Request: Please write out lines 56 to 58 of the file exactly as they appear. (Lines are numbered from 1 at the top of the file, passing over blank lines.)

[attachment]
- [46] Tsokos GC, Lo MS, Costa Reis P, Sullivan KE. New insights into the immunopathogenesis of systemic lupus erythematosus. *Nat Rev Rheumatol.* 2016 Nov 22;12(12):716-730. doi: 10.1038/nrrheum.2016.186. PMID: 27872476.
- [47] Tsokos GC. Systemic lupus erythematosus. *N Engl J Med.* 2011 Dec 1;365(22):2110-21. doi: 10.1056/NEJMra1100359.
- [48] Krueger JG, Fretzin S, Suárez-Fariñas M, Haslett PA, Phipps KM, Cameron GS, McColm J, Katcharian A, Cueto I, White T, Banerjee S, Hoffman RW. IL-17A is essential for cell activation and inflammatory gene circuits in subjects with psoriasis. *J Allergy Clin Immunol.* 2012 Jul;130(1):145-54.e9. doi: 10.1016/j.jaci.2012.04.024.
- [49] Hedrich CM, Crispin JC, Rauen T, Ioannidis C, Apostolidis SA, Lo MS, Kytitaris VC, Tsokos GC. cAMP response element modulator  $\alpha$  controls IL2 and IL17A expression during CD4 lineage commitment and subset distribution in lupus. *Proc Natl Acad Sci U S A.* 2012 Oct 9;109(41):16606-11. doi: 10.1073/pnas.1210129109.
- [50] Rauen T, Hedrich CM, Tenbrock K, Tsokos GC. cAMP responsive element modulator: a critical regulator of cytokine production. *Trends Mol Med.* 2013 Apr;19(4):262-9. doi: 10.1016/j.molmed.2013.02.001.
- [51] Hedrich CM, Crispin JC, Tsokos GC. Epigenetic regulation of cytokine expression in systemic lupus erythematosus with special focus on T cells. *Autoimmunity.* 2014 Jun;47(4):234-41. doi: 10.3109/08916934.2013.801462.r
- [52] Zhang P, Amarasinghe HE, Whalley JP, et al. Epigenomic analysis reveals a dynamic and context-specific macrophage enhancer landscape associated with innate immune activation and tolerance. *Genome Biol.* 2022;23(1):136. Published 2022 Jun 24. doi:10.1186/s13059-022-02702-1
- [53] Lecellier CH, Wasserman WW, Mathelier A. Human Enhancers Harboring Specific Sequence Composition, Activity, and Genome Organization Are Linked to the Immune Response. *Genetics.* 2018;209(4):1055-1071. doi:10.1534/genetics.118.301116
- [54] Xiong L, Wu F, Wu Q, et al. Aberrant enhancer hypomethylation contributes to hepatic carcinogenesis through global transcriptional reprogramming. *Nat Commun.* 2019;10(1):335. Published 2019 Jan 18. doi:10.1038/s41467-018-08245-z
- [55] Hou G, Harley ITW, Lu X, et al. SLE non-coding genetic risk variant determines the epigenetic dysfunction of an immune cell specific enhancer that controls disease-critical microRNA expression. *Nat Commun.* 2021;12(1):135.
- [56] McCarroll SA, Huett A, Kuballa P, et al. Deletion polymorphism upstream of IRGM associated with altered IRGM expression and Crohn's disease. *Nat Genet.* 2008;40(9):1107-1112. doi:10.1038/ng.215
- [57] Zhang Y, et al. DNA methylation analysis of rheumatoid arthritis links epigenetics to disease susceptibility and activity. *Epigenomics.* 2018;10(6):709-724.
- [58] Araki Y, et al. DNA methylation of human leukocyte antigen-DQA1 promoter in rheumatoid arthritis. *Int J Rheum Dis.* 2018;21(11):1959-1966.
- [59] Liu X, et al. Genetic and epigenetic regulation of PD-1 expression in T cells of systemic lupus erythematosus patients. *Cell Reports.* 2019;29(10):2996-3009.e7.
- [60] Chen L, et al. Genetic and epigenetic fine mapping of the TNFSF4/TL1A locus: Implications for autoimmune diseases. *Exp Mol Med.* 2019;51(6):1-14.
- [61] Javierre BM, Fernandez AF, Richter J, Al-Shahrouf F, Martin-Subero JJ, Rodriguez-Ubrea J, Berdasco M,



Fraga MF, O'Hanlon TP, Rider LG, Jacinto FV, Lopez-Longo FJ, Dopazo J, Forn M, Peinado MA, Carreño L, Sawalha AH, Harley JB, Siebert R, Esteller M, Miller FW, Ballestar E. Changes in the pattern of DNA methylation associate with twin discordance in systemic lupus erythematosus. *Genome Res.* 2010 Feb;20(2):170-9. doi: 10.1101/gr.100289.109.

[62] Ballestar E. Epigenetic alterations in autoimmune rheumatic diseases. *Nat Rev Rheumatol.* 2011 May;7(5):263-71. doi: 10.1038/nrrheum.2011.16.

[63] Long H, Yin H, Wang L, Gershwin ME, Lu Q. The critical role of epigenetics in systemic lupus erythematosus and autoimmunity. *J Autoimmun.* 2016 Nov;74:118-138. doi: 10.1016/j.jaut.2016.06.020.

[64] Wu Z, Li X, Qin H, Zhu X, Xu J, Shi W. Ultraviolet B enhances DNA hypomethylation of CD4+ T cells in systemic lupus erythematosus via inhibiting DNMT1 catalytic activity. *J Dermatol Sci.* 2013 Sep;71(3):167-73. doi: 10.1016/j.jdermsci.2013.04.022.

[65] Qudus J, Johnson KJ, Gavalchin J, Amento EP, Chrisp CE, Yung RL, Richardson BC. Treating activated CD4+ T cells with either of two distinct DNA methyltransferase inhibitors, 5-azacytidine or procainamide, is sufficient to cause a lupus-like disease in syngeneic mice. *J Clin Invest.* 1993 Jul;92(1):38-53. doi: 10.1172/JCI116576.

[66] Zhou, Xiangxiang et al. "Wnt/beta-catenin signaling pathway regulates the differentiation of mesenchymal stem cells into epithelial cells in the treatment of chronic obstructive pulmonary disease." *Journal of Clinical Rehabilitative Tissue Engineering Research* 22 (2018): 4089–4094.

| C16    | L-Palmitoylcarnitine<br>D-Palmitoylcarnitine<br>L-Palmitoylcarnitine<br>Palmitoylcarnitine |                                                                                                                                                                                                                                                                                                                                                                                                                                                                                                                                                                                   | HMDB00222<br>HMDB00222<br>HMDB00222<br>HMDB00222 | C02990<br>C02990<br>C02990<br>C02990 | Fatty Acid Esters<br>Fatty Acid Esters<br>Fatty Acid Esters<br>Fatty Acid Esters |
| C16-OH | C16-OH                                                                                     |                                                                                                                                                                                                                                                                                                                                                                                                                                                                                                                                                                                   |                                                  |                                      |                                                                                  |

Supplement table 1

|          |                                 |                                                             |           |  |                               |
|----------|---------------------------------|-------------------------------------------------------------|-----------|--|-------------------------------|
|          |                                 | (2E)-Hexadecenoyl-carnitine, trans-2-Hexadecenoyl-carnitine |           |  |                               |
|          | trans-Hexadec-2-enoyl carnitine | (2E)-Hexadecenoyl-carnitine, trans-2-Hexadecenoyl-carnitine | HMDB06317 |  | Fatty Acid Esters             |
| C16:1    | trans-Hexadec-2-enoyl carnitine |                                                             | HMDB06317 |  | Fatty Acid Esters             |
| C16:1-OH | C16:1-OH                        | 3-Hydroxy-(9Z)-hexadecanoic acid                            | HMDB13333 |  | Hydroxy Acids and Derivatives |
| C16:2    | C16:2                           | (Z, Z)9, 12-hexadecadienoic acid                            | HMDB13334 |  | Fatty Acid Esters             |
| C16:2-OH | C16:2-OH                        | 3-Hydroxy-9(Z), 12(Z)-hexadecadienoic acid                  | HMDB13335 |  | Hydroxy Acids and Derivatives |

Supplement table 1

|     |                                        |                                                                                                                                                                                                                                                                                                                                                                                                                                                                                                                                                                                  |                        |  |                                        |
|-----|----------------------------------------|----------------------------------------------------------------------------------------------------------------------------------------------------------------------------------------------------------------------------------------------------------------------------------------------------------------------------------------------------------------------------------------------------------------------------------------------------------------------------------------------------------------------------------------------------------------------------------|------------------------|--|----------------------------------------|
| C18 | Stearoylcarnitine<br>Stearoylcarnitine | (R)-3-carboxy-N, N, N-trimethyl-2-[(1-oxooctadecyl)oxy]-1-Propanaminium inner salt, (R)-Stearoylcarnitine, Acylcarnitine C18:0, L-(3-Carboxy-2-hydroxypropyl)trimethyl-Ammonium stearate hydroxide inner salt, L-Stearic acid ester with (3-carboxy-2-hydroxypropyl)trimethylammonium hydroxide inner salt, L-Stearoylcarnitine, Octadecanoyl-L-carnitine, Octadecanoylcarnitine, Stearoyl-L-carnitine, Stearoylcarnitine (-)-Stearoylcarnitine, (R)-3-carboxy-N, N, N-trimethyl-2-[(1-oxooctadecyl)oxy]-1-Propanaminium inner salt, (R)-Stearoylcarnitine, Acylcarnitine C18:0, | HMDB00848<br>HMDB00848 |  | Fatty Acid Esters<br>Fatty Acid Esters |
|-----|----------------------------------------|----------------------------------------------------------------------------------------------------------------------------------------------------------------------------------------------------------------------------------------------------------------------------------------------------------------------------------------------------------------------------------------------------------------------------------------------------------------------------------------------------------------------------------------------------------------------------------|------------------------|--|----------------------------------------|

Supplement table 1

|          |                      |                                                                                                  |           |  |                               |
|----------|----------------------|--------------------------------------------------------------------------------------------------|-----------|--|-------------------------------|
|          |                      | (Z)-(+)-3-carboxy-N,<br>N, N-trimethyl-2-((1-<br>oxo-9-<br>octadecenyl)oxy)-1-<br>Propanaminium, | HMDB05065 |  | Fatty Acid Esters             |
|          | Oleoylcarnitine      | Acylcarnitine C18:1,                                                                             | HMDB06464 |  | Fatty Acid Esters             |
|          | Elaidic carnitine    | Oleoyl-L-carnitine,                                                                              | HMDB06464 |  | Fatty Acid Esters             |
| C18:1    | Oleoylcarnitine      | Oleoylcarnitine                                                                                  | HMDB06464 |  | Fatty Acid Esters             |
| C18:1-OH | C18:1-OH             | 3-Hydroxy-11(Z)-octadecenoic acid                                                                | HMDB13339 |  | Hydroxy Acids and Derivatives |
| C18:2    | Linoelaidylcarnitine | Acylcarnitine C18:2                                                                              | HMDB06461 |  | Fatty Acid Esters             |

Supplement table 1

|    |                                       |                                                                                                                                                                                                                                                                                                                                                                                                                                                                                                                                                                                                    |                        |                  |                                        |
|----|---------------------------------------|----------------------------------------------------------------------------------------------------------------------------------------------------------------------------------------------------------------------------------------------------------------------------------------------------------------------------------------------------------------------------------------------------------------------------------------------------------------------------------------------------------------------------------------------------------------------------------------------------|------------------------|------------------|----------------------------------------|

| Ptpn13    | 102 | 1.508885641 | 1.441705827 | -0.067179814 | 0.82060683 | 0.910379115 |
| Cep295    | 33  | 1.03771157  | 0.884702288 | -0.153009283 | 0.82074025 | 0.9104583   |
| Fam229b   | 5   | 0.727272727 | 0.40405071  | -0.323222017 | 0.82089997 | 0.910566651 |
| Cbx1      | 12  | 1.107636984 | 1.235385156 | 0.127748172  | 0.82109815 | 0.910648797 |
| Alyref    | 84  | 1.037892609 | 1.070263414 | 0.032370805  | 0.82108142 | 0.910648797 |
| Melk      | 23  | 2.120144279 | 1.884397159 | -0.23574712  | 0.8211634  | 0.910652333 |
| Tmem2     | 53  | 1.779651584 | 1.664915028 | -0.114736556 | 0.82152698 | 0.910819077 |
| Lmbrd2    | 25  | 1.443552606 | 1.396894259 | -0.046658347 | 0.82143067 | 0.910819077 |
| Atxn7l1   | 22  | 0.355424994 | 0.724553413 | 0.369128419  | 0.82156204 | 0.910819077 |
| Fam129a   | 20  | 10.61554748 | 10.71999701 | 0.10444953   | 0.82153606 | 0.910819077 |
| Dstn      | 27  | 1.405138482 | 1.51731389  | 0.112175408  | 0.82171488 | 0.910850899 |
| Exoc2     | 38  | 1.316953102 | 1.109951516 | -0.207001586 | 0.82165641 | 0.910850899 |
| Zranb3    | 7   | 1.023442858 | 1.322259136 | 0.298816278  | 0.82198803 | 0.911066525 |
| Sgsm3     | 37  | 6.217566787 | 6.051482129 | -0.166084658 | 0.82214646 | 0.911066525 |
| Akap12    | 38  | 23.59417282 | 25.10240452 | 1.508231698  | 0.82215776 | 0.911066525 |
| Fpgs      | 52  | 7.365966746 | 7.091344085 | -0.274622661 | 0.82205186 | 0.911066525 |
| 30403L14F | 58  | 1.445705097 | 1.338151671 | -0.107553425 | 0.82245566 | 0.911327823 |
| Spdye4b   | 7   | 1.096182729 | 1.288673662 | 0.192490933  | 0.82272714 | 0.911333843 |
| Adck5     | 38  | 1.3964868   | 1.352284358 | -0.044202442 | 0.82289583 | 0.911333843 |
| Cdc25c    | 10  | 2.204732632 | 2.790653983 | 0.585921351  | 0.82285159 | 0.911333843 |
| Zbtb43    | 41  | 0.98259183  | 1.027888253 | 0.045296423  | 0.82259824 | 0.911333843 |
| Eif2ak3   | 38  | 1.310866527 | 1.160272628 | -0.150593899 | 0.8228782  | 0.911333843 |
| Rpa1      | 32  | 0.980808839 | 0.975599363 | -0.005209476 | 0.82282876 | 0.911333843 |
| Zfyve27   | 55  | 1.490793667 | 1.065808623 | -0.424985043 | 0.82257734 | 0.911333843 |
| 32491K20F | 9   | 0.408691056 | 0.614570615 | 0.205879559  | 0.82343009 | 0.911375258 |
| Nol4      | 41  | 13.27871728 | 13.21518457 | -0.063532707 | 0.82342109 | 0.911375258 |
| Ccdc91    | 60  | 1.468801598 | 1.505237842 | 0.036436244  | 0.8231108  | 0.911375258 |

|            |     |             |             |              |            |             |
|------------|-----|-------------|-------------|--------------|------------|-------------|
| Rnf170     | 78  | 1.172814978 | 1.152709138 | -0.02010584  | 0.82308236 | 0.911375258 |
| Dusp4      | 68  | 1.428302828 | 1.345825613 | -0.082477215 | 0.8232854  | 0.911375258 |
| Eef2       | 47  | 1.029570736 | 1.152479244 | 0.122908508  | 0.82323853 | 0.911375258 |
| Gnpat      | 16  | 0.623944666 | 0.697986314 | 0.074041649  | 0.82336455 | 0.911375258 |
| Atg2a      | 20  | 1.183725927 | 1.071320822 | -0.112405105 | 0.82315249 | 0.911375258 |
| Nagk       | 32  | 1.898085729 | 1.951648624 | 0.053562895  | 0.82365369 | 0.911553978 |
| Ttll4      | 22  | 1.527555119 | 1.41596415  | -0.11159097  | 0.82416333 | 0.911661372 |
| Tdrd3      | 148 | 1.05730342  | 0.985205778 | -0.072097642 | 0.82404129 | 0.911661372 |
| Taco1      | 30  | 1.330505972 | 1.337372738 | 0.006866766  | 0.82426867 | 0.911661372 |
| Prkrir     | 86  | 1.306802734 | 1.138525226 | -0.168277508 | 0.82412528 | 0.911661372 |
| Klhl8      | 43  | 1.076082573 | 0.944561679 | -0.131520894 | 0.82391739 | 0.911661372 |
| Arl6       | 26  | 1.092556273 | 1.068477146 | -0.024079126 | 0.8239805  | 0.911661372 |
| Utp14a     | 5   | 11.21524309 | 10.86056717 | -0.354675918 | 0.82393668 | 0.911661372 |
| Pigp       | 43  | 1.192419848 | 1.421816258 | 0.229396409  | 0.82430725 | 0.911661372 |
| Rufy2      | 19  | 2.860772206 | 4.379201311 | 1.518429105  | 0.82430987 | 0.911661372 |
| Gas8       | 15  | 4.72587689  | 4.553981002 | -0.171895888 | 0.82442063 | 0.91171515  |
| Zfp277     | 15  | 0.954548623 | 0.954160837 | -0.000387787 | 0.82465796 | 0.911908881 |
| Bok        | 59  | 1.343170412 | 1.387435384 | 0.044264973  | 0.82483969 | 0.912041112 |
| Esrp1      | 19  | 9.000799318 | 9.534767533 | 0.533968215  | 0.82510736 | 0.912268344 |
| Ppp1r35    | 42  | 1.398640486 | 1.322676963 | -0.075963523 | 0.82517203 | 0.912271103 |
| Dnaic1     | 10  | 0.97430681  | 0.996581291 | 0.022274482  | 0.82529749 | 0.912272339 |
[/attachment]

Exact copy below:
| Melk      | 23  | 2.120144279 | 1.884397159 | -0.23574712  | 0.8211634  | 0.910652333 |
| Tmem2     | 53  | 1.779651584 | 1.664915028 | -0.114736556 | 0.82152698 | 0.910819077 |
| Lmbrd2    | 25  | 1.443552606 | 1.396894259 | -0.046658347 | 0.82143067 | 0.910819077 |